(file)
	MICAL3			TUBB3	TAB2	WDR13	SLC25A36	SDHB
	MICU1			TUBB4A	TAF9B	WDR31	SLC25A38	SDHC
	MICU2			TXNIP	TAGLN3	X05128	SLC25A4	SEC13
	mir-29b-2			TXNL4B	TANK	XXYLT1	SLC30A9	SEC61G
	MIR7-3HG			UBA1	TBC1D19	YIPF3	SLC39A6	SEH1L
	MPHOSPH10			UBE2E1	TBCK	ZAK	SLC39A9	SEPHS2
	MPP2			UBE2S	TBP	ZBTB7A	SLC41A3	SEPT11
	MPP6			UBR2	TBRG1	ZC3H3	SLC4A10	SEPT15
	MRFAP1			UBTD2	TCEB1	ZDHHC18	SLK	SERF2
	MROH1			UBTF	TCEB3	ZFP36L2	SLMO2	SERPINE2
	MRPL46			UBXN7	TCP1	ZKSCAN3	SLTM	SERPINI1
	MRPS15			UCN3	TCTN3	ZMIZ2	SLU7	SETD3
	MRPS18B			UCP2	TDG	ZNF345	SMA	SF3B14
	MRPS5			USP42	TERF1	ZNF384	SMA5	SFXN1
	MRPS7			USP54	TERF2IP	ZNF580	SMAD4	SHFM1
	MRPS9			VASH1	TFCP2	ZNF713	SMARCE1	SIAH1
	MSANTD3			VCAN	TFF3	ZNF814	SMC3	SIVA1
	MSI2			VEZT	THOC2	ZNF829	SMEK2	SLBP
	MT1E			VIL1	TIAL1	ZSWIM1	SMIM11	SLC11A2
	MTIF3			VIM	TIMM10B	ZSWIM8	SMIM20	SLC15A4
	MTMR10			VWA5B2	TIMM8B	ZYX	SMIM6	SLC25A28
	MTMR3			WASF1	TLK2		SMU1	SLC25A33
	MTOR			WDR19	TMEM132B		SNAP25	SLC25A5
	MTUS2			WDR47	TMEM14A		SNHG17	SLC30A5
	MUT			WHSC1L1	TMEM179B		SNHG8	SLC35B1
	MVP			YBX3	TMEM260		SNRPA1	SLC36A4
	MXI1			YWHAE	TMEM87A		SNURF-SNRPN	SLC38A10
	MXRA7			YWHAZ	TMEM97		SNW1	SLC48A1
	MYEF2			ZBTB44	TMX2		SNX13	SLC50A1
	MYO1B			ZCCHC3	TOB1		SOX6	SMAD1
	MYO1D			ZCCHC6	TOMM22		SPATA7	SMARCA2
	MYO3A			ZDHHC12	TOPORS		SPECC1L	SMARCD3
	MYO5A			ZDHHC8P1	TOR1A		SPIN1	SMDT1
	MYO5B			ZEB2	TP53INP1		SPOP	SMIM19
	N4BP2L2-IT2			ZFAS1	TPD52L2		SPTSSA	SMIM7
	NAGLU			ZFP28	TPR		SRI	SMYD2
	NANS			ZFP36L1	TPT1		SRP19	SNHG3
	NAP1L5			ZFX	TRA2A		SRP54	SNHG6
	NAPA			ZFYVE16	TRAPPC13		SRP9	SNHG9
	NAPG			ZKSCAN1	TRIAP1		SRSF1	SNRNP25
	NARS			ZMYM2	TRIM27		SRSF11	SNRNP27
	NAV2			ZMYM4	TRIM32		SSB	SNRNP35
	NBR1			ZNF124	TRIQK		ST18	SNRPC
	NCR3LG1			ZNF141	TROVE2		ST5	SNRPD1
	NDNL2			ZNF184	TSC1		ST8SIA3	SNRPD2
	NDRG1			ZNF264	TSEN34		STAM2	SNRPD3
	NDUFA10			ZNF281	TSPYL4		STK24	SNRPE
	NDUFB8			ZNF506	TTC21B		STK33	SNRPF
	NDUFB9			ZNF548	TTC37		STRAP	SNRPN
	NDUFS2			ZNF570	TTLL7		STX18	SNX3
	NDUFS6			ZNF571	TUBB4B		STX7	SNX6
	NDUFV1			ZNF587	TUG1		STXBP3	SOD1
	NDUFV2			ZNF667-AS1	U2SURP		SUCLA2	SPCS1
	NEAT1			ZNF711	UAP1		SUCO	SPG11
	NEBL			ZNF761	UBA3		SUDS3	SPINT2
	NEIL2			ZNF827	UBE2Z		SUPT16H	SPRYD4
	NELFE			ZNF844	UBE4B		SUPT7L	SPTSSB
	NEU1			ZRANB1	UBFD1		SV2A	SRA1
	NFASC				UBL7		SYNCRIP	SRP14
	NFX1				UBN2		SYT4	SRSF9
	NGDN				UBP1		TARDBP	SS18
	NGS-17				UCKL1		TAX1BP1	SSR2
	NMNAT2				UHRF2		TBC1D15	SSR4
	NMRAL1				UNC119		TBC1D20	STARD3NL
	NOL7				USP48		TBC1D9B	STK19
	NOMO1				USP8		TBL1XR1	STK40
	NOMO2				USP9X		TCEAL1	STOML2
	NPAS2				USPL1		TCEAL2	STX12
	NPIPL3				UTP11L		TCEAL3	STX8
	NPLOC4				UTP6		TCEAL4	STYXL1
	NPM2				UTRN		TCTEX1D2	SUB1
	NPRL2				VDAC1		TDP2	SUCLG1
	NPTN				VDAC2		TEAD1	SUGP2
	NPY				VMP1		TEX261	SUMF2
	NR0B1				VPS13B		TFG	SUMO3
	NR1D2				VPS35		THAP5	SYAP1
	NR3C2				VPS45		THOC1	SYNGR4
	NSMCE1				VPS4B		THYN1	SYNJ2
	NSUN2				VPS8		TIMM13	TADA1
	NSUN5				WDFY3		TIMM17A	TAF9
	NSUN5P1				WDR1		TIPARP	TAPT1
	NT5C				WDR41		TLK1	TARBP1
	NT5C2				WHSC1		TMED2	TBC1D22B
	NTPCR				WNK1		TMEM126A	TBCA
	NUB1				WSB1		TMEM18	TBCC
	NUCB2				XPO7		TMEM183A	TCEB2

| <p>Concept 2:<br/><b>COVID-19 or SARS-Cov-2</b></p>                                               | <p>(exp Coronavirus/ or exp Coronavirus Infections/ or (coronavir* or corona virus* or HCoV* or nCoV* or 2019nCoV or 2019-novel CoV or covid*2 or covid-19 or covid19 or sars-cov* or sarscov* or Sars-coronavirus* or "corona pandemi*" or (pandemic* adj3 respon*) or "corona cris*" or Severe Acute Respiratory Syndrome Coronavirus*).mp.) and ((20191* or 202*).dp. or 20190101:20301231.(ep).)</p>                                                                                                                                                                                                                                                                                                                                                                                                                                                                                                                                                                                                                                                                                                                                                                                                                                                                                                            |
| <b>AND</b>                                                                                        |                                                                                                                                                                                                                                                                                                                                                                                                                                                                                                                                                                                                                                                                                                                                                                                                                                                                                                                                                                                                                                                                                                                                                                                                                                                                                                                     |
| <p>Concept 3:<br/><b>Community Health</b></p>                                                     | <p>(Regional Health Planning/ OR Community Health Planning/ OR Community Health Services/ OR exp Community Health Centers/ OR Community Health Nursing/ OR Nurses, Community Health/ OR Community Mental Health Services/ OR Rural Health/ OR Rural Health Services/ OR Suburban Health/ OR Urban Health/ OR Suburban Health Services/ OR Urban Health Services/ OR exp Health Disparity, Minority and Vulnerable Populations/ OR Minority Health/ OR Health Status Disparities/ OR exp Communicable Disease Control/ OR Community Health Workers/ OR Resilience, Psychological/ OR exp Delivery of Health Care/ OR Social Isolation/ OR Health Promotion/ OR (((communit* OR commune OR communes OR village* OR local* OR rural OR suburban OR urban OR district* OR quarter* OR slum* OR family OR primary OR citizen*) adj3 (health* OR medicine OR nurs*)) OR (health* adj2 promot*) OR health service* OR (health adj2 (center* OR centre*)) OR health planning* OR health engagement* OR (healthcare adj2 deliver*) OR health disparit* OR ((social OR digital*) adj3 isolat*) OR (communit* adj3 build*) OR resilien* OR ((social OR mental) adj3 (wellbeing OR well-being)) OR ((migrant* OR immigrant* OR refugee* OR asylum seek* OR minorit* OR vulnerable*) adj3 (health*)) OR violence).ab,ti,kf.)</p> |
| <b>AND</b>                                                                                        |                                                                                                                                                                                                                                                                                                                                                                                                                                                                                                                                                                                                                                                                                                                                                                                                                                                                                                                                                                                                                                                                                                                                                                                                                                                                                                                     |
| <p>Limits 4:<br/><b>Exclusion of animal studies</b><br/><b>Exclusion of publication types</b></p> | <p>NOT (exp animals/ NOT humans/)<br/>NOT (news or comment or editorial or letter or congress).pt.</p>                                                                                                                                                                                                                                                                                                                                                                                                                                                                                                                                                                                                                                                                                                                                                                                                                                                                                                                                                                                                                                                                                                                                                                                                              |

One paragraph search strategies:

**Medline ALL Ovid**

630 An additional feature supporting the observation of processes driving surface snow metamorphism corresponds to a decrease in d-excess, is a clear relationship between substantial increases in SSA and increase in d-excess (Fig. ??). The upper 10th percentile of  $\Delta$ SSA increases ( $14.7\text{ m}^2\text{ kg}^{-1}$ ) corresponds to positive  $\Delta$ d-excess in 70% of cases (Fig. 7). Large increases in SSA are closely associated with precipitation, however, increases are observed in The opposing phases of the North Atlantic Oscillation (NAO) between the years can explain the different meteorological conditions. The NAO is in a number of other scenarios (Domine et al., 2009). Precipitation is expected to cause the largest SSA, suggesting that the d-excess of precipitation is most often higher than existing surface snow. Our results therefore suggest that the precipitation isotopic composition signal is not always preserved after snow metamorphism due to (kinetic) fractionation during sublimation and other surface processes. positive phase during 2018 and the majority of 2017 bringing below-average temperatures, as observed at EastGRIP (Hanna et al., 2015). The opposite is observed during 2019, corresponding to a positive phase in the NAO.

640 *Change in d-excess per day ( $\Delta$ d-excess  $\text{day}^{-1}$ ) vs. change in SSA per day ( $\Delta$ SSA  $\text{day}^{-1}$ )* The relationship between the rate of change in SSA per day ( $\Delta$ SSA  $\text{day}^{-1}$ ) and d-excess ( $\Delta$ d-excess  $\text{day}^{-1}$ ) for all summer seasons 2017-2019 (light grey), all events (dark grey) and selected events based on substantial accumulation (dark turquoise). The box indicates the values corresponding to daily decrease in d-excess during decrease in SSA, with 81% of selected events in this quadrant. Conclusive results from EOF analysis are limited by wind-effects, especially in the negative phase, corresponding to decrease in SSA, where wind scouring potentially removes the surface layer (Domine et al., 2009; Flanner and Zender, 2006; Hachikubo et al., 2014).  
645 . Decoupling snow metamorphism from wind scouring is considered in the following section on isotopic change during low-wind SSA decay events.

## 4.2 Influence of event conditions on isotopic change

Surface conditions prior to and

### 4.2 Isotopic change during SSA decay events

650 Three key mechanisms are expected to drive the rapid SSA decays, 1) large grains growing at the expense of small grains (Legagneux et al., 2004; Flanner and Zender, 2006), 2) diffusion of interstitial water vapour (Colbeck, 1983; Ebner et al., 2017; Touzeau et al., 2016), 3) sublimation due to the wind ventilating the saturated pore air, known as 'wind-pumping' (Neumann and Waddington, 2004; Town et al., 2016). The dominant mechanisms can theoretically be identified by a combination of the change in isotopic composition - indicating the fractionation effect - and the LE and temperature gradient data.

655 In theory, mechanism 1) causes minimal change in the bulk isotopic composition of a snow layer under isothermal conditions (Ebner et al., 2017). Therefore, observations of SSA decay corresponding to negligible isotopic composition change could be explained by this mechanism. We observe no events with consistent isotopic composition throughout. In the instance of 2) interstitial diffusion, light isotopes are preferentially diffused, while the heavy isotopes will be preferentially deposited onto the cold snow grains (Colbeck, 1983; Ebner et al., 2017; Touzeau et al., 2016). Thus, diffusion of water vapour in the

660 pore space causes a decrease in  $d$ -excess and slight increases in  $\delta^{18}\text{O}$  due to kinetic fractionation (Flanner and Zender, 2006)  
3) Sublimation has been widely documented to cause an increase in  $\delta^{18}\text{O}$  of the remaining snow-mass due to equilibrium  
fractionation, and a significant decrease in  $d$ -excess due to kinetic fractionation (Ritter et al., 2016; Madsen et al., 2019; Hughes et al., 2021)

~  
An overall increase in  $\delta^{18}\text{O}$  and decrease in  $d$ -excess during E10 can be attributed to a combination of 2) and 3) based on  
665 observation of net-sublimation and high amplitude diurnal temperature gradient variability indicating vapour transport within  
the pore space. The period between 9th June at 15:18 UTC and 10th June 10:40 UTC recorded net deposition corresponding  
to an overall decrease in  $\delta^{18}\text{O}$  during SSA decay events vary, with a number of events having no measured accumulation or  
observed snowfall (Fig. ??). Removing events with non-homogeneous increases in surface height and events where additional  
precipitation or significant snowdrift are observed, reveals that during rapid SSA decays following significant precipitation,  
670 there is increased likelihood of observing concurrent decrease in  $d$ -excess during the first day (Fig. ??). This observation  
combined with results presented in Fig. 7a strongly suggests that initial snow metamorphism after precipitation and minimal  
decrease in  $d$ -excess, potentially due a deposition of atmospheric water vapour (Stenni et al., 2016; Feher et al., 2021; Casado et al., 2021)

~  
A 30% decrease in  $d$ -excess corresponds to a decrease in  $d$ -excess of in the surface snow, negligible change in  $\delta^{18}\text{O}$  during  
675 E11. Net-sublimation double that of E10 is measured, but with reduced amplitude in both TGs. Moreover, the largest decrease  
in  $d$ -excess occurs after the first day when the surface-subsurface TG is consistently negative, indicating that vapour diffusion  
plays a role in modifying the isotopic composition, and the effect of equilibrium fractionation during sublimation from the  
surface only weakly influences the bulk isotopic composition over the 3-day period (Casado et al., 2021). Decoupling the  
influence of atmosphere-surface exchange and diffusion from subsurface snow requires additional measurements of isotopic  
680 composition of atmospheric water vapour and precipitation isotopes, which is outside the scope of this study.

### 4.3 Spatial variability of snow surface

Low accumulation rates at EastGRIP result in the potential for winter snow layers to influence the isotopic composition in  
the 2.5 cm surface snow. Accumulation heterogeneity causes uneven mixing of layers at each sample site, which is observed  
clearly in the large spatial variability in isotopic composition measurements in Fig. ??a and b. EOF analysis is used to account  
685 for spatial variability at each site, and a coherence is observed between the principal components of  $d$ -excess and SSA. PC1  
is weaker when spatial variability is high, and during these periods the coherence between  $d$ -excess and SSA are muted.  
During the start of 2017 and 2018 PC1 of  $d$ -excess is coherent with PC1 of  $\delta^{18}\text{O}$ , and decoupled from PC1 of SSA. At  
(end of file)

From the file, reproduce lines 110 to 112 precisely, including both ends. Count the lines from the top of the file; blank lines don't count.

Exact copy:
observed snowfall (Fig. ??). Removing events with non-homogeneous increases in surface height and events where additional  
precipitation or significant snowdrift are observed, reveals that during rapid SSA decays following significant precipitation,  
670 there is increased likelihood of observing concurrent decrease in  $d$ -excess during the first day (Fig. ??). This observation  